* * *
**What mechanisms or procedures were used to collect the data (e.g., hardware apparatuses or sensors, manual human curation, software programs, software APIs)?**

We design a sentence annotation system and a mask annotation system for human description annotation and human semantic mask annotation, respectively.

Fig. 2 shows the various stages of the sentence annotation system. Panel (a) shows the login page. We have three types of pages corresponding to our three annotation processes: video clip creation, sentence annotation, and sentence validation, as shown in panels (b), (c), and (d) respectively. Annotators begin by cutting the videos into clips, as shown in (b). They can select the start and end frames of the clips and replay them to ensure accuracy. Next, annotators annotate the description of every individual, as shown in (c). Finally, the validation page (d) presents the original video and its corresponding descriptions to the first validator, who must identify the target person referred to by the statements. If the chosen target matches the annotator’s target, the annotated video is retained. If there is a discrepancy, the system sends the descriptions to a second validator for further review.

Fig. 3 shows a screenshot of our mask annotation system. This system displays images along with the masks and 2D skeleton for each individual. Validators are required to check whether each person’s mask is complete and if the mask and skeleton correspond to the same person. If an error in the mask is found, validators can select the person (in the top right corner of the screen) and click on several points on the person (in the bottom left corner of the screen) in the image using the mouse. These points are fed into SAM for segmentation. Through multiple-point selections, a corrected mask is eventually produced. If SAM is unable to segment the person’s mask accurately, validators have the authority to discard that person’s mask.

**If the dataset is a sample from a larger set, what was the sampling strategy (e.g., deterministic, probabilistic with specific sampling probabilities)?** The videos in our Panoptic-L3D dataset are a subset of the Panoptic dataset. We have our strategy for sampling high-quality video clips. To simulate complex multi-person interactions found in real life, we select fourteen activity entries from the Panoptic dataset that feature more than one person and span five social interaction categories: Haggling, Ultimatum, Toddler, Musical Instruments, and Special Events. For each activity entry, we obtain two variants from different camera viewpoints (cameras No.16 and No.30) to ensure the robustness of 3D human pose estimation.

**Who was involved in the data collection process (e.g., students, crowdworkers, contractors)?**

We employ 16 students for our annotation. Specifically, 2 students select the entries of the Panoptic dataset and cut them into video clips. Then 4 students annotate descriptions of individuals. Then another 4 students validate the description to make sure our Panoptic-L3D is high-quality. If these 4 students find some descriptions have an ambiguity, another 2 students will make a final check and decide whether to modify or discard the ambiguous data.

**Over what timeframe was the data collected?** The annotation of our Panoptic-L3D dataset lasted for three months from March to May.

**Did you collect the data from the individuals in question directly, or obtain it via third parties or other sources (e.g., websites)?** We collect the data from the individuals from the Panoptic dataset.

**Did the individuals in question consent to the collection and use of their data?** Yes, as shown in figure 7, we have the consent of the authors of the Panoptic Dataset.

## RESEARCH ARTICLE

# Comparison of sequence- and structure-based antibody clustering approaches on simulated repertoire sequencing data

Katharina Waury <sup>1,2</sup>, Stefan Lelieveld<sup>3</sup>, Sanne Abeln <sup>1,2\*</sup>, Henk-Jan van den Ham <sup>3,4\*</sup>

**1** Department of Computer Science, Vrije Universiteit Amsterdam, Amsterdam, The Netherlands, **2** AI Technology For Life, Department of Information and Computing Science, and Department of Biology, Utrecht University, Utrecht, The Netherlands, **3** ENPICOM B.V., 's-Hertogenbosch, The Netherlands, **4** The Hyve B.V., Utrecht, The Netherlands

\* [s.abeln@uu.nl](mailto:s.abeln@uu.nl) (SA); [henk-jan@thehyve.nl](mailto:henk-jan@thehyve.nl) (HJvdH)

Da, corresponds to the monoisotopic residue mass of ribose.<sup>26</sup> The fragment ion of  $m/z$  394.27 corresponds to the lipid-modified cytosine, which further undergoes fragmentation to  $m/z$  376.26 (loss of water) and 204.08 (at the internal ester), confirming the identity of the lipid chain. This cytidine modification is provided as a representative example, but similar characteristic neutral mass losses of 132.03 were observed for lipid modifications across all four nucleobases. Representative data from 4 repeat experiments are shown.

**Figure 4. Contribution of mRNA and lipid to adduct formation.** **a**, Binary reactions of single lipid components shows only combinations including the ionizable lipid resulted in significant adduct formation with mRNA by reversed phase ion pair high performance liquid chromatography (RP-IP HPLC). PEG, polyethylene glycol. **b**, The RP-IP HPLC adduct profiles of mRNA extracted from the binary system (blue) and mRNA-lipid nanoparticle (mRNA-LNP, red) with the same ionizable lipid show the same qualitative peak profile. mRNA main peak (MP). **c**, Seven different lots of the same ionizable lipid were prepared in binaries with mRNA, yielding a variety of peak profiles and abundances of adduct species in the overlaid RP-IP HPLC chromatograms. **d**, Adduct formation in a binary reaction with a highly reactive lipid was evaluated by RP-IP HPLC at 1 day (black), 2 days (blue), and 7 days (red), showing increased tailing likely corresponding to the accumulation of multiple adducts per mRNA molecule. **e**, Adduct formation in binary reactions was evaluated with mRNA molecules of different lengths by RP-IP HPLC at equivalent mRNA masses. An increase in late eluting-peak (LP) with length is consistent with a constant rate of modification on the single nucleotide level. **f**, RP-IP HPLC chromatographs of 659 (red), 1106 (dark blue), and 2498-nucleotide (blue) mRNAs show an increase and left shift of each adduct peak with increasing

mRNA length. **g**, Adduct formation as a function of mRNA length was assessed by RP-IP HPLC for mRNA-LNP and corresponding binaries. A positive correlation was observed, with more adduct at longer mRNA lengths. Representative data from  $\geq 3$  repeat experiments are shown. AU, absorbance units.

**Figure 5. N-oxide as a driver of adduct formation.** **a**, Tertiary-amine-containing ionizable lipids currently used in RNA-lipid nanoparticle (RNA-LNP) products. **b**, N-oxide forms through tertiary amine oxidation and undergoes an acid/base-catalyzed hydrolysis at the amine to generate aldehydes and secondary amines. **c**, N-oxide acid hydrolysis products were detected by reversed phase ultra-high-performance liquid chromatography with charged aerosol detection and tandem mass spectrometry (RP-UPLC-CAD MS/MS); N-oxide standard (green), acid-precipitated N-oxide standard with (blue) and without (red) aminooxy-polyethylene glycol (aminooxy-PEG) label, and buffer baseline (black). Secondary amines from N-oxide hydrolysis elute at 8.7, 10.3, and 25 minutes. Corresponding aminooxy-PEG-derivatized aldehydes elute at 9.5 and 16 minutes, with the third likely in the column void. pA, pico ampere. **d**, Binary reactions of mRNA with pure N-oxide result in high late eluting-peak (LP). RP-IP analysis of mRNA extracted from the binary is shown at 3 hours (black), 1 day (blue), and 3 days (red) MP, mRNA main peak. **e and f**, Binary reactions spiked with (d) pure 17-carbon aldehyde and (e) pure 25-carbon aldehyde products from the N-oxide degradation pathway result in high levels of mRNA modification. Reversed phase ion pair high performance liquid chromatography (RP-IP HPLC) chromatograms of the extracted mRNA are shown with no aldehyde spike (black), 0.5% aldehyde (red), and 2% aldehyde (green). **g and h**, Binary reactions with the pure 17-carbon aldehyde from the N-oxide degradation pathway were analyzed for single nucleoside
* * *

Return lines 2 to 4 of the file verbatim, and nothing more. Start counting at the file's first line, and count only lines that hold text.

We design a sentence annotation system and a mask annotation system for human description annotation and human semantic mask annotation, respectively.

Fig. 2 shows the various stages of the sentence annotation system. Panel (a) shows the login page. We have three types of pages corresponding to our three annotation processes: video clip creation, sentence annotation, and sentence validation, as shown in panels (b), (c), and (d) respectively. Annotators begin by cutting the videos into clips, as shown in (b). They can select the start and end frames of the clips and replay them to ensure accuracy. Next, annotators annotate the description of every individual, as shown in (c). Finally, the validation page (d) presents the original video and its corresponding descriptions to the first validator, who must identify the target person referred to by the statements. If the chosen target matches the annotator’s target, the annotated video is retained. If there is a discrepancy, the system sends the descriptions to a second validator for further review.

Fig. 3 shows a screenshot of our mask annotation system. This system displays images along with the masks and 2D skeleton for each individual. Validators are required to check whether each person’s mask is complete and if the mask and skeleton correspond to the same person. If an error in the mask is found, validators can select the person (in the top right corner of the screen) and click on several points on the person (in the bottom left corner of the screen) in the image using the mouse. These points are fed into SAM for segmentation. Through multiple-point selections, a corrected mask is eventually produced. If SAM is unable to segment the person’s mask accurately, validators have the authority to discard that person’s mask.